As we wash our hands
We pray,
Blessed is the Soul of the Universe,
Breathing us in and breathing us out.
May our breaths continue
And our health and the health of all
Be preserved
In this time of sickness and fear of sickness.
Holy Wholeness,
We take as much responsibility for this as we can
By observing the obligation to wash our hands
For as long as it takes to say this prayer.

Barukh atah adonai eloheinume lekhha-olam asher kidshanu b’mitzvotav v’tzivanu al netilat yadayim.

Blessed are you, our God, ruler of the universe, who sanctified us with God’s commandments and instructed us on washing hands.

I also found another beautiful and extended meditation on hand washing that said a lot about human interdependence. It was broadcast on the Jewish Women’s Archive podcast, “Can We Talk?” featuring Dori Midnight, a community healer and spiritual leader. Here is part of what she said about relearning to wash out hands:

We are humans relearning to wash our hands. Washing our hands is an act of love. Washing our hands is an act of care. Washing our hands is an act that puts the hyper-vigilant body at ease. Washing our hands helps us return to ourselves by washing away what does not serve. Wash your hands like you are washing the only teacup left that your great grandmother carried across the ocean, like you are washing the hair of a beloved who is dying, like you are washing the feet of Grace Lee Boggs, your auntie, Audre Lorde, Mary Oliver… you get the picture. Like this water is poured from a jug your best friend just carried for three miles from the spring they had to climb a mountain to reach like water is a precious resource made from time and miracle. Wash your hands and cough into your elbow, they say. Rest more, stay home, drink water, have some soup, they say.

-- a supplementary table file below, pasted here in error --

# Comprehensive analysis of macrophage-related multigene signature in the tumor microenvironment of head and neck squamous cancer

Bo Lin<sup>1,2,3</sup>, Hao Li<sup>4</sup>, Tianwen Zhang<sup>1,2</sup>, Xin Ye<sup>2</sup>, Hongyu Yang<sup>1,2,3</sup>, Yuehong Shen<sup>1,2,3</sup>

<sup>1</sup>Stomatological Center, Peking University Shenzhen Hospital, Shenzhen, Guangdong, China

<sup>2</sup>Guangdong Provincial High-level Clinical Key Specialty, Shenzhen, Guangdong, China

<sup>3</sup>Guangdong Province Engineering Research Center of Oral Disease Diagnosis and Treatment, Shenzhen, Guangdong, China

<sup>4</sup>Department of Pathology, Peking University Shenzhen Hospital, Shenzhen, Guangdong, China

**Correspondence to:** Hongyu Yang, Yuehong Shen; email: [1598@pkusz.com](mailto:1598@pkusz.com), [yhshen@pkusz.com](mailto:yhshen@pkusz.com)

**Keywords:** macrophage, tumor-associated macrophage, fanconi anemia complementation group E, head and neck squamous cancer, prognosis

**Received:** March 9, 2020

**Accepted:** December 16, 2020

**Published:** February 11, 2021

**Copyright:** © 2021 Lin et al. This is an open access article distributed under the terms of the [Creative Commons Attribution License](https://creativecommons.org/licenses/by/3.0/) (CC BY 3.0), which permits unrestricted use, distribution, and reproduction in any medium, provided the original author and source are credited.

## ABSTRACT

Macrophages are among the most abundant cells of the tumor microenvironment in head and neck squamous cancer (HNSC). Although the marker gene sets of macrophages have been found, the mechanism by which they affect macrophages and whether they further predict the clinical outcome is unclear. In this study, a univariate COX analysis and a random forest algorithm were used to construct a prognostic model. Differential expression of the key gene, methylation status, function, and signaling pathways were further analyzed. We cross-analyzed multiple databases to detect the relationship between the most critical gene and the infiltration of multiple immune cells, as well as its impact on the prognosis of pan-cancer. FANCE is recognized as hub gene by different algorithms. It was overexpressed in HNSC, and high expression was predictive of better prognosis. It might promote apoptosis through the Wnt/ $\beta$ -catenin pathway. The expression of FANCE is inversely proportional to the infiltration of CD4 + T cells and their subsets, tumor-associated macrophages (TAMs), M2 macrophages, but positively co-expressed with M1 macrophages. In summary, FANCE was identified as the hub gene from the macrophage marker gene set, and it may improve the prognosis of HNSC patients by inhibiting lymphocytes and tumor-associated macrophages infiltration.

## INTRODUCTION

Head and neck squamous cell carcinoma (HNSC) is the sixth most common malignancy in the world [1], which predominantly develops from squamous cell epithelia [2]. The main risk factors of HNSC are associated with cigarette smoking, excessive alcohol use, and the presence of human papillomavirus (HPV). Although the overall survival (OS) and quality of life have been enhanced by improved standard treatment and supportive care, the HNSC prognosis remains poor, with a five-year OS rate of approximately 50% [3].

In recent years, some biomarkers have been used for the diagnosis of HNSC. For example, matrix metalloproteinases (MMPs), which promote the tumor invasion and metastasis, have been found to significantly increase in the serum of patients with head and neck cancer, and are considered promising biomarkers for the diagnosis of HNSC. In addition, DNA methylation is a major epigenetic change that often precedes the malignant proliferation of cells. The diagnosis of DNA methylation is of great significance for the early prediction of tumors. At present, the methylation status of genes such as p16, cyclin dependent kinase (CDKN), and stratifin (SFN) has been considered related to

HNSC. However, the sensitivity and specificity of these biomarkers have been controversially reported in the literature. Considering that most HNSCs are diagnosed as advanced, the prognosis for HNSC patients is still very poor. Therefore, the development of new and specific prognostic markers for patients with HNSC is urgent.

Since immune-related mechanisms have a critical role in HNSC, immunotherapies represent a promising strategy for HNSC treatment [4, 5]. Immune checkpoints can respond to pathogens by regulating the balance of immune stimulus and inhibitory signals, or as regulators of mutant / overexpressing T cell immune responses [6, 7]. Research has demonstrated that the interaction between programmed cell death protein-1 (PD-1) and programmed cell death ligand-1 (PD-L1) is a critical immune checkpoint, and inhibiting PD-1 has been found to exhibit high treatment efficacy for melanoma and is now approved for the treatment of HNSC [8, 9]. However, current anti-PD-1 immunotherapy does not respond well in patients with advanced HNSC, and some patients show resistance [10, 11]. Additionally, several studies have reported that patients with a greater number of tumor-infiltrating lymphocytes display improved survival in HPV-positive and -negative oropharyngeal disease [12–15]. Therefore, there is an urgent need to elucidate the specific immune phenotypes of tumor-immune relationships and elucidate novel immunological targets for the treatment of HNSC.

A couple of weeks before this pandemic, I went to visit my son who was in Spain teaching for the year and slipped on a cobblestone street. I landed hard on my right shoulder and knew immediately I did something very bad. I fractured my right shoulder in three places. I couldn’t move my arm, and I was nauseous. I had tripped in front of a café, and a considerate waiter helped me to my feet and brought me a chair. I was shaking uncontrollably when he handed me a glass of water.

On the pain scale, my pain was a certifiable 10, and that earned me a place at the head of the line in the emergency room. The doctor looked at my X-ray and told me, “You need to get back to your country as soon as possible.” She sent me on my way with a padded sling and a raft of painkillers. The next afternoon, I was on a plane back to Boston, but not before my son arranged for wheelchair assistance in the three airports I would be traversing.